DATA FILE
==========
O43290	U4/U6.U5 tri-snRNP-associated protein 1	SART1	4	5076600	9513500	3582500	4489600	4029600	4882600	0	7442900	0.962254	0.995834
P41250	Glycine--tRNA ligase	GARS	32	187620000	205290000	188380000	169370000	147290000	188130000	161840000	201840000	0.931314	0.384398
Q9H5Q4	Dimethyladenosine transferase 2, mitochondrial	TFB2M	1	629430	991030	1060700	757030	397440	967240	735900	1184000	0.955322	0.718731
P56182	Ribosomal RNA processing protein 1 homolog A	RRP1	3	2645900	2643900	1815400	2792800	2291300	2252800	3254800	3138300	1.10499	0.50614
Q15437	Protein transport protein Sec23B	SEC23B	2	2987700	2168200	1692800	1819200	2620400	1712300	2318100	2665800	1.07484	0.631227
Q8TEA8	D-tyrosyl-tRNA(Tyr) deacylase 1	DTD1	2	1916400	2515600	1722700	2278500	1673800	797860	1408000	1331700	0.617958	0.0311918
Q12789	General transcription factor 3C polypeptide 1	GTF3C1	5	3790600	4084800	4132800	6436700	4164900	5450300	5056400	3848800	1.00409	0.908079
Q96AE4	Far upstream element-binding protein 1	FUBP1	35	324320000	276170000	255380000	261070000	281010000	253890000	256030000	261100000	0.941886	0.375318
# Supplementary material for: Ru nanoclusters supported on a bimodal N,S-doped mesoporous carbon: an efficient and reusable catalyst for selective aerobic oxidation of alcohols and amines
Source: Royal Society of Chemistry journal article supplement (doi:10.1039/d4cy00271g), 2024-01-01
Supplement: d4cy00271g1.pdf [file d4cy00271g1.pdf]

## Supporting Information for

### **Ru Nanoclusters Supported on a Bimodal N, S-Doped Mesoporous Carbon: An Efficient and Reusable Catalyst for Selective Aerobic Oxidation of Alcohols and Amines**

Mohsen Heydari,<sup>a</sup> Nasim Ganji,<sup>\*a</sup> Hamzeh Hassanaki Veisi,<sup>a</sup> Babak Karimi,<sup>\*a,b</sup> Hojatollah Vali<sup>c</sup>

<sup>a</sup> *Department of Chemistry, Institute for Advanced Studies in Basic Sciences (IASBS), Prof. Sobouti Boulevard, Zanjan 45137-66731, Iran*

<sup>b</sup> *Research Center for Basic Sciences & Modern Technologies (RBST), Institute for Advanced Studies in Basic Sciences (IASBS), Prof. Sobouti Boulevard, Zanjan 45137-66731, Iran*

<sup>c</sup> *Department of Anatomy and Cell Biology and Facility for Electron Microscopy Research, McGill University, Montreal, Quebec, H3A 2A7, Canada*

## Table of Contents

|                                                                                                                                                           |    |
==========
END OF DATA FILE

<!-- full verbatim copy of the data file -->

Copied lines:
O43290	U4/U6.U5 tri-snRNP-associated protein 1	SART1	4	5076600	9513500	3582500	4489600	4029600	4882600	0	7442900	0.962254	0.995834
P41250	Glycine--tRNA ligase	GARS	32	187620000	205290000	188380000	169370000	147290000	188130000	161840000	201840000	0.931314	0.384398
Q9H5Q4	Dimethyladenosine transferase 2, mitochondrial	TFB2M	1	629430	991030	1060700	757030	397440	967240	735900	1184000	0.955322	0.718731
P56182	Ribosomal RNA processing protein 1 homolog A	RRP1	3	2645900	2643900	1815400	2792800	2291300	2252800	3254800	3138300	1.10499	0.50614
Q15437	Protein transport protein Sec23B	SEC23B	2	2987700	2168200	1692800	1819200	2620400	1712300	2318100	2665800	1.07484	0.631227
Q8TEA8	D-tyrosyl-tRNA(Tyr) deacylase 1	DTD1	2	1916400	2515600	1722700	2278500	1673800	797860	1408000	1331700	0.617958	0.0311918
Q12789	General transcription factor 3C polypeptide 1	GTF3C1	5	3790600	4084800	4132800	6436700	4164900	5450300	5056400	3848800	1.00409	0.908079
Q96AE4	Far upstream element-binding protein 1	FUBP1	35	324320000	276170000	255380000	261070000	281010000	253890000	256030000	261100000	0.941886	0.375318
# Supplementary material for: Ru nanoclusters supported on a bimodal N,S-doped mesoporous carbon: an efficient and reusable catalyst for selective aerobic oxidation of alcohols and amines
Source: Royal Society of Chemistry journal article supplement (doi:10.1039/d4cy00271g), 2024-01-01
Supplement: d4cy00271g1.pdf [file d4cy00271g1.pdf]

## Supporting Information for

### **Ru Nanoclusters Supported on a Bimodal N, S-Doped Mesoporous Carbon: An Efficient and Reusable Catalyst for Selective Aerobic Oxidation of Alcohols and Amines**

Mohsen Heydari,<sup>a</sup> Nasim Ganji,<sup>\*a</sup> Hamzeh Hassanaki Veisi,<sup>a</sup> Babak Karimi,<sup>\*a,b</sup> Hojatollah Vali<sup>c</sup>

<sup>a</sup> *Department of Chemistry, Institute for Advanced Studies in Basic Sciences (IASBS), Prof. Sobouti Boulevard, Zanjan 45137-66731, Iran*

<sup>b</sup> *Research Center for Basic Sciences & Modern Technologies (RBST), Institute for Advanced Studies in Basic Sciences (IASBS), Prof. Sobouti Boulevard, Zanjan 45137-66731, Iran*

<sup>c</sup> *Department of Anatomy and Cell Biology and Facility for Electron Microscopy Research, McGill University, Montreal, Quebec, H3A 2A7, Canada*

## Table of Contents

|                                                                                                                                                           |    |